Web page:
Albany has long been known as a place where proposed legislation can languish indefinitely, and as such, Cuomo has placed his gun agenda on the super fast track. “It’s important for him,” said one source close to the New York governor. “He wants to lead the nation on this. He wants to beat the White House.”

Positing himself as a potential presidential hopeful in 2016, Cuomo is seizing the moment in order to demonstrate progress on curbing gun violence at a time when Washington appears deadlocked on how to solve the problem, according to Albany insiders.

Noting that New York passed “Sullivan’s Law” — the nation’s first gun control law requiring firearm permits in 1911 — Cuomo said it was time for the state’s legislators to once again be in the forefront on this issue. “Save lives,” he said. “Set an example for the rest of the nation.”

While New York has an assault weapons ban already in existence, many high-powered rifles that have a capacity greater than 10 rounds don’t come under the ban because it exempts magazines manufactured before 1994. If a magazine is not stamped then it can’t be banned.

Cuomo called for requiring federal background checks of all gun sales, including private ones; the ban of high-capacity magazines; enacting tougher penalties for illegal gun use, guns on school grounds, and gun activity by gangs; keeping guns from people who are mentally ill; banning the direct Internet sale of ammunition purchases; one state check on all firearms purchases; and programs to cut gun violence in high-crime neighborhoods.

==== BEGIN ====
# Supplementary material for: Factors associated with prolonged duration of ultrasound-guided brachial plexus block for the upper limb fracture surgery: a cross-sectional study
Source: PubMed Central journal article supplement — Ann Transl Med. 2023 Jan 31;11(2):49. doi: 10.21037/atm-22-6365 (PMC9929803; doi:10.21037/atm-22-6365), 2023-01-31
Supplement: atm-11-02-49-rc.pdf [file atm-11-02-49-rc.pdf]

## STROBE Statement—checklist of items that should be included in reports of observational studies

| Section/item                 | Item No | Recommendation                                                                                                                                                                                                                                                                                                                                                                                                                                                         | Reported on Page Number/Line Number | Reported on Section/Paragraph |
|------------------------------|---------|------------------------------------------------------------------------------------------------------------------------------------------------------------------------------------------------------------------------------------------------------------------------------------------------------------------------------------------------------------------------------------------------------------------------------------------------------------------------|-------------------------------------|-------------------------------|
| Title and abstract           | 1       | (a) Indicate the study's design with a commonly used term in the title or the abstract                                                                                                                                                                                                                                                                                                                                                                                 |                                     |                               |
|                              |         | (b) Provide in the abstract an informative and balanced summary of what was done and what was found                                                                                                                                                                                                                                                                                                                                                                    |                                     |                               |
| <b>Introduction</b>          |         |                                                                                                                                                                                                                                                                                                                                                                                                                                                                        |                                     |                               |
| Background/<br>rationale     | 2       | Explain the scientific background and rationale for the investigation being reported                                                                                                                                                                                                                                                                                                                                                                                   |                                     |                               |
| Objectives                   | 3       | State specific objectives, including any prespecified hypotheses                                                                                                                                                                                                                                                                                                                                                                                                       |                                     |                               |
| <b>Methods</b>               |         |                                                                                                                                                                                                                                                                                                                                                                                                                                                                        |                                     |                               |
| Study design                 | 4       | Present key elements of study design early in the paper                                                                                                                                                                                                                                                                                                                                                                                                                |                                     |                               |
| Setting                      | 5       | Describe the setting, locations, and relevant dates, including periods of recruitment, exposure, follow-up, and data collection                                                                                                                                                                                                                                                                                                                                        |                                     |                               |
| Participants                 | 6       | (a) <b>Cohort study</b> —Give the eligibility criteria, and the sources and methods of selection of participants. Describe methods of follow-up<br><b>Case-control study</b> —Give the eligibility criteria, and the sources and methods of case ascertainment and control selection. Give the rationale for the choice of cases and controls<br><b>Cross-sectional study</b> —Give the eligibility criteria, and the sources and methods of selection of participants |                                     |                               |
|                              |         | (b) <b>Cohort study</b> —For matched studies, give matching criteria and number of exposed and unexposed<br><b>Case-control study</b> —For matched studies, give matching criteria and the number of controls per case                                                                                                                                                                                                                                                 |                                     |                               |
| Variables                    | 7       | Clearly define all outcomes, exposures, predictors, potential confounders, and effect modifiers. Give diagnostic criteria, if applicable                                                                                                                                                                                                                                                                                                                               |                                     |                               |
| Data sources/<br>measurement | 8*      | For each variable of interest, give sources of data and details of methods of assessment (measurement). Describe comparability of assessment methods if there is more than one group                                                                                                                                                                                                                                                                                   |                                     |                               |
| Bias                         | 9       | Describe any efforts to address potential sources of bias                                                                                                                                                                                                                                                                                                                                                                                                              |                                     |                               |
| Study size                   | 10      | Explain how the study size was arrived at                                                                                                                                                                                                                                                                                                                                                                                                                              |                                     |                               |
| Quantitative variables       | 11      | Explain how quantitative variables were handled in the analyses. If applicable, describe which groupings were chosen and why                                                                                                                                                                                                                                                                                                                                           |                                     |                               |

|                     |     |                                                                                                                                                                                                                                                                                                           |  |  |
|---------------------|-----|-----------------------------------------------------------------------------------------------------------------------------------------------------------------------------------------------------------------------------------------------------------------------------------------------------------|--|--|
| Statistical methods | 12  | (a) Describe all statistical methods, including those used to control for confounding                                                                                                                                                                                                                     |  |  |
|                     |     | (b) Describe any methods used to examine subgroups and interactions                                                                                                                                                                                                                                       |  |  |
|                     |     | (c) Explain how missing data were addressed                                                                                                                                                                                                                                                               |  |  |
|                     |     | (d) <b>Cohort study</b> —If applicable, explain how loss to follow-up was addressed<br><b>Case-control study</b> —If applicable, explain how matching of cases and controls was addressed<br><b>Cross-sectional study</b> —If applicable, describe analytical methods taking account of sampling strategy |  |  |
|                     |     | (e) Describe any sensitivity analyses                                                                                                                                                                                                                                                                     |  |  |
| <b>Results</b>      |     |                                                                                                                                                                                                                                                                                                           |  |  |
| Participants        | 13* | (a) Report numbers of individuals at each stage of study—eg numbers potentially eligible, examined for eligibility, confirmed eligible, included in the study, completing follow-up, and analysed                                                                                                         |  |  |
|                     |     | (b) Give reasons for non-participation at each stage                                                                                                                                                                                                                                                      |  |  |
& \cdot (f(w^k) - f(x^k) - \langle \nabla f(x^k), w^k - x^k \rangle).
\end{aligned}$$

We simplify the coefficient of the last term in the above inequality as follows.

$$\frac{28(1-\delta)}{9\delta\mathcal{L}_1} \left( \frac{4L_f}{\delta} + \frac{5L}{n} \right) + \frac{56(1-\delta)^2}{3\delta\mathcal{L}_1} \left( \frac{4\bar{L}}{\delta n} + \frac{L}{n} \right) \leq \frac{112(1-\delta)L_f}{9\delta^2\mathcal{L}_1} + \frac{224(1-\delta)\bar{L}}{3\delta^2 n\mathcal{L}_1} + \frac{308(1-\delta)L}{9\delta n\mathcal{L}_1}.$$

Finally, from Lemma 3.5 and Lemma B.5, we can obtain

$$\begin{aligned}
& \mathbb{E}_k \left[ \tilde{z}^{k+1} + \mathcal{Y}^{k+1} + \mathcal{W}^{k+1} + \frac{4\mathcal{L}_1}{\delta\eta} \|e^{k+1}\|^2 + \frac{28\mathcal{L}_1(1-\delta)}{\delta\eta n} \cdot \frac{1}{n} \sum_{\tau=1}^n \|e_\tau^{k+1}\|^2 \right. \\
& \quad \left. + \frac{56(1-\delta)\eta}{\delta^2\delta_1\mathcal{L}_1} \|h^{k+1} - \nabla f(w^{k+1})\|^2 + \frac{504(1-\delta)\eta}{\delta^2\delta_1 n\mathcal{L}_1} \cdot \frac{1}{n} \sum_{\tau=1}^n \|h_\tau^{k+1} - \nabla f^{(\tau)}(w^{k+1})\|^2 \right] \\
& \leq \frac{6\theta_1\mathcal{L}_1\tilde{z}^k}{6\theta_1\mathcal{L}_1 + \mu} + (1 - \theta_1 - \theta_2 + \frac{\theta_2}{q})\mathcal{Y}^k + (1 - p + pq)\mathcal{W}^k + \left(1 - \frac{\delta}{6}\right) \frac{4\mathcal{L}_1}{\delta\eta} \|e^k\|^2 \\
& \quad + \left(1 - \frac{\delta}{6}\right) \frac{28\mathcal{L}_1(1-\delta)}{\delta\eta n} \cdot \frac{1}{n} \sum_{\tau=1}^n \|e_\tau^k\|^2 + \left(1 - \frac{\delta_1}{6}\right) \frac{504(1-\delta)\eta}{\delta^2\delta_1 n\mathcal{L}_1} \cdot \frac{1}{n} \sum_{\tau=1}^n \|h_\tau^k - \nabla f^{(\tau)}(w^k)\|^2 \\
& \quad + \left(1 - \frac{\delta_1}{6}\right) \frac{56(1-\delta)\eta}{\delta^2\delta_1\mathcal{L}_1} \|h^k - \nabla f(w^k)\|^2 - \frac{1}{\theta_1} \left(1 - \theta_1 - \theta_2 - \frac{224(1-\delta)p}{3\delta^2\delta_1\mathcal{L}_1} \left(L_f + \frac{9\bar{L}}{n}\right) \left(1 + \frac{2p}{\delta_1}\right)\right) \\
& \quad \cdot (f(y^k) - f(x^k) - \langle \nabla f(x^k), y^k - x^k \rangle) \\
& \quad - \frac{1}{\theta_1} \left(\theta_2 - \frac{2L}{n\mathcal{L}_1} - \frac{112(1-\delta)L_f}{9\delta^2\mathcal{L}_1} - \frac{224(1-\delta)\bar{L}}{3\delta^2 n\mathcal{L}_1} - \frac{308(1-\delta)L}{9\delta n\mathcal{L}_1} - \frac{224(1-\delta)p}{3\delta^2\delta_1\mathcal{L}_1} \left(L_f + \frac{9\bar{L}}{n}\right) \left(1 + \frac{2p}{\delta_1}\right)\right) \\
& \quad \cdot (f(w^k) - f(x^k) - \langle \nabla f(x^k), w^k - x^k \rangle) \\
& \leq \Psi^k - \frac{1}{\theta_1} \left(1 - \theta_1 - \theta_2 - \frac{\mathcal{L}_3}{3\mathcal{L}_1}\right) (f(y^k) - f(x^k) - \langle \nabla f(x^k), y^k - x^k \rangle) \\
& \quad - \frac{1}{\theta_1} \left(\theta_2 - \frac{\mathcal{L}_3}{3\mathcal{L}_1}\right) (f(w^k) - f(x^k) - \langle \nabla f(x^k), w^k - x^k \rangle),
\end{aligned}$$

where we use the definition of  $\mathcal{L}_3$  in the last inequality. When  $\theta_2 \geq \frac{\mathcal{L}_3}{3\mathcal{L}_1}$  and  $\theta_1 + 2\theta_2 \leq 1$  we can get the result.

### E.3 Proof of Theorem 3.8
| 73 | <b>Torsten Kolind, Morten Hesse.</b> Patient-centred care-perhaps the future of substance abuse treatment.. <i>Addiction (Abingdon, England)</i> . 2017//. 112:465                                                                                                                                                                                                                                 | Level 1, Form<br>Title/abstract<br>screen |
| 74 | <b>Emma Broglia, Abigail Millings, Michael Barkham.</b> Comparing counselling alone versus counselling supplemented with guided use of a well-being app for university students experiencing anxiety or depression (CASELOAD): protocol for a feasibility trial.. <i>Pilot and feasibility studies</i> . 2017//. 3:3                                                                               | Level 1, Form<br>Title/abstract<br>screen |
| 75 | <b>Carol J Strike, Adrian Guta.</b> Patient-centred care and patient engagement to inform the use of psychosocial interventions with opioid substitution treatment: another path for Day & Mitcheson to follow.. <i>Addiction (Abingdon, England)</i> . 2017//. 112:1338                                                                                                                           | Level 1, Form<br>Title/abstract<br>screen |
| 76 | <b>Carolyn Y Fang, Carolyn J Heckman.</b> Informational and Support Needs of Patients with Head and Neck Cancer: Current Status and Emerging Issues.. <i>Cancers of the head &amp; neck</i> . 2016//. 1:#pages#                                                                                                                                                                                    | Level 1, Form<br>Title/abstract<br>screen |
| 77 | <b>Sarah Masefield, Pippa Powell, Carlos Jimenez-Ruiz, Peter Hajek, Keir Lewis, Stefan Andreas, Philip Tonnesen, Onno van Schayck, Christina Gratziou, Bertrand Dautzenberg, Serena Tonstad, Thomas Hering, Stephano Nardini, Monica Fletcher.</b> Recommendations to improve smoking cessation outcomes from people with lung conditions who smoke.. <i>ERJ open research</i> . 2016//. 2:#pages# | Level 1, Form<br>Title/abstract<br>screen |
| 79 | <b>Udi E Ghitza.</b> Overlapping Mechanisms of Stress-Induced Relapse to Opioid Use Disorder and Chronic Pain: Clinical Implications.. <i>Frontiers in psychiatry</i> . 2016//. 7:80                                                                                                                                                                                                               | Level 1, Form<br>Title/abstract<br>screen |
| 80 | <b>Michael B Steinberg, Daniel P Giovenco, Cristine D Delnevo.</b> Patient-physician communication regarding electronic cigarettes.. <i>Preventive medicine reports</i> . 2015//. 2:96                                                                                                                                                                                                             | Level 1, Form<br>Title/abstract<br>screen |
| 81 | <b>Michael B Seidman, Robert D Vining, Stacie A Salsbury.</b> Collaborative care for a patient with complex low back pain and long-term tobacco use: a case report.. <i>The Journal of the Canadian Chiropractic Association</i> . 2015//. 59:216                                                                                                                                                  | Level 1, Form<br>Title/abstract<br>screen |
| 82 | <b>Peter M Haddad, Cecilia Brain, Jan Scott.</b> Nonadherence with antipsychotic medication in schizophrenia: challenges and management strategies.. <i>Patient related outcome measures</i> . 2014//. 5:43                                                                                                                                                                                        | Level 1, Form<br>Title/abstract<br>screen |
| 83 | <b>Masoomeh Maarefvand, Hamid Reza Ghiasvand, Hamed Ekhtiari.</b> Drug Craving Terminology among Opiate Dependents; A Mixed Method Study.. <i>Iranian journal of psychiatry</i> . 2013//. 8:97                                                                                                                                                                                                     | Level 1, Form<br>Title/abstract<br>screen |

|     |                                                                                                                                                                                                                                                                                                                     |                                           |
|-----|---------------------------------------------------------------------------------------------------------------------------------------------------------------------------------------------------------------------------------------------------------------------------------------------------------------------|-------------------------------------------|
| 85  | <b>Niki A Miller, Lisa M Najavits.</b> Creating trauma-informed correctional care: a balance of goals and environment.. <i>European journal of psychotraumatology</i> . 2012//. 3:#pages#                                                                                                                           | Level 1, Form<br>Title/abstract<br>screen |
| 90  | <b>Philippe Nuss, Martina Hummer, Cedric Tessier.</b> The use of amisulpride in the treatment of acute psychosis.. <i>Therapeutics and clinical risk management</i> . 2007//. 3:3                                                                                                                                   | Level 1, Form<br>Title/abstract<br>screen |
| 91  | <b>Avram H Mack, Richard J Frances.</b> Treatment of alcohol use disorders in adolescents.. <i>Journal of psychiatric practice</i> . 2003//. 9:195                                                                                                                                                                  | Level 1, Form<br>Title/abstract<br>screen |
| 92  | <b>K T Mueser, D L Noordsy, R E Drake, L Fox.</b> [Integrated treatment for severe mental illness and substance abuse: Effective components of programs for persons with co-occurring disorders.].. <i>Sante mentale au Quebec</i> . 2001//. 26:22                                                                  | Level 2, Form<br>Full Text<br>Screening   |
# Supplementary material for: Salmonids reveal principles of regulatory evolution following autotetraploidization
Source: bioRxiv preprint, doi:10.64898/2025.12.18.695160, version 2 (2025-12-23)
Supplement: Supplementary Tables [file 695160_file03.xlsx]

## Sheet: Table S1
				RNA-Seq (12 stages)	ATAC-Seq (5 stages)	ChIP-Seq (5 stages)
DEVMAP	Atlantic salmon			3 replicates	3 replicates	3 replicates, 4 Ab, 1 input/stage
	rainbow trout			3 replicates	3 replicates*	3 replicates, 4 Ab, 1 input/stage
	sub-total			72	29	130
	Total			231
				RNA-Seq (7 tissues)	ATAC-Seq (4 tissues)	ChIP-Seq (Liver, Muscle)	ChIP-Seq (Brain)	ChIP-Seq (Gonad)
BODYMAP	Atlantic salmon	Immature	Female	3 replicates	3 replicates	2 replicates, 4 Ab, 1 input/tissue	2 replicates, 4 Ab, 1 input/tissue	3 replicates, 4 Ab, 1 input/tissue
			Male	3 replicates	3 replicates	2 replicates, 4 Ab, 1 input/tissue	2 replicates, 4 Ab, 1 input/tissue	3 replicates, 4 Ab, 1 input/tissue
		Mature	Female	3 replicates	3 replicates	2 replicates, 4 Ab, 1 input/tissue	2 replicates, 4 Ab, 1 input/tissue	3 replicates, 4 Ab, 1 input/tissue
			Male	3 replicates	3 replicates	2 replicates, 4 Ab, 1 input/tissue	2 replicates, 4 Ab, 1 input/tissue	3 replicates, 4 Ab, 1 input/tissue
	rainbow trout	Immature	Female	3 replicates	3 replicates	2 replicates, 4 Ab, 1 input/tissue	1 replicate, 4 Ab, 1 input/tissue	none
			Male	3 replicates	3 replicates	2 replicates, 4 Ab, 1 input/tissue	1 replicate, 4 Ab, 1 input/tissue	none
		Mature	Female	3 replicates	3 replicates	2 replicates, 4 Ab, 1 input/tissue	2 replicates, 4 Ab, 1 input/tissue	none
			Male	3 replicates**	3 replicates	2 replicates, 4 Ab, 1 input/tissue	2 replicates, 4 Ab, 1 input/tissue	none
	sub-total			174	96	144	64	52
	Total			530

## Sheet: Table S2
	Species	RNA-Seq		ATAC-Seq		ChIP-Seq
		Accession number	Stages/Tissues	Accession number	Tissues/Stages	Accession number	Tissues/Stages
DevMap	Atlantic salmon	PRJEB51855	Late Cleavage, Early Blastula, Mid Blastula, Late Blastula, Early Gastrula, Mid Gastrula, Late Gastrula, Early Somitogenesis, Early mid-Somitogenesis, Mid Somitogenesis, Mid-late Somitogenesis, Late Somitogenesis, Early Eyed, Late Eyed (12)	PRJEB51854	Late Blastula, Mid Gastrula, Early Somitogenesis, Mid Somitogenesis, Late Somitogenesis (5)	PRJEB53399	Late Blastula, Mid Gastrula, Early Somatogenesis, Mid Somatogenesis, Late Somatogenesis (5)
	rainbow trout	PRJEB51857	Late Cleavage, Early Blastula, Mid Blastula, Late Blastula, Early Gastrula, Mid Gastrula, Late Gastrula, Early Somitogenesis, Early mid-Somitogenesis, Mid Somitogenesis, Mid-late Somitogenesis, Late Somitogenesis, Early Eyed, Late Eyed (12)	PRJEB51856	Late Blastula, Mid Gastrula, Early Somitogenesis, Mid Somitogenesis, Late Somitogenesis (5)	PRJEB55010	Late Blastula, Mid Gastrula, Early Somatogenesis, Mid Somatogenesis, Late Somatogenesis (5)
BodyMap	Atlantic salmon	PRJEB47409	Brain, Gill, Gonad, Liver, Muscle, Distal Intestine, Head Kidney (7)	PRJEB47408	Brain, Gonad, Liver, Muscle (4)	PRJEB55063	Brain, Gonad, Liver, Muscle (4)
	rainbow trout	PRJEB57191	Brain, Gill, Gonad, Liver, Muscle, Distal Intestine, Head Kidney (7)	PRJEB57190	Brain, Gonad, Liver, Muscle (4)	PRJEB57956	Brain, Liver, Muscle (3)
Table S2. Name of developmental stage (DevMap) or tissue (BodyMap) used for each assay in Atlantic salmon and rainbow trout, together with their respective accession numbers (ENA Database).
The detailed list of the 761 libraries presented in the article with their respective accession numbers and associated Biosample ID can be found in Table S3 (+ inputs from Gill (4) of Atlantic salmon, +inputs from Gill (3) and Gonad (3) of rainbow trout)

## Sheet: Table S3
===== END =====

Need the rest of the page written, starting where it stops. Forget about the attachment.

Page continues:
As an addendum to the gun measures would be an expansion of Kendra’s Law, which allows a judge to force mentally ill patients to be committed or to receive treatment if they pose a danger to themselves or to others. The law was named for Kendra Webdale, who was pushed to her death on a subway platform in 1999 by a schizophrenic patient. It is set to expire in 2015, and lawmakers have not agreed on whether to extend the law.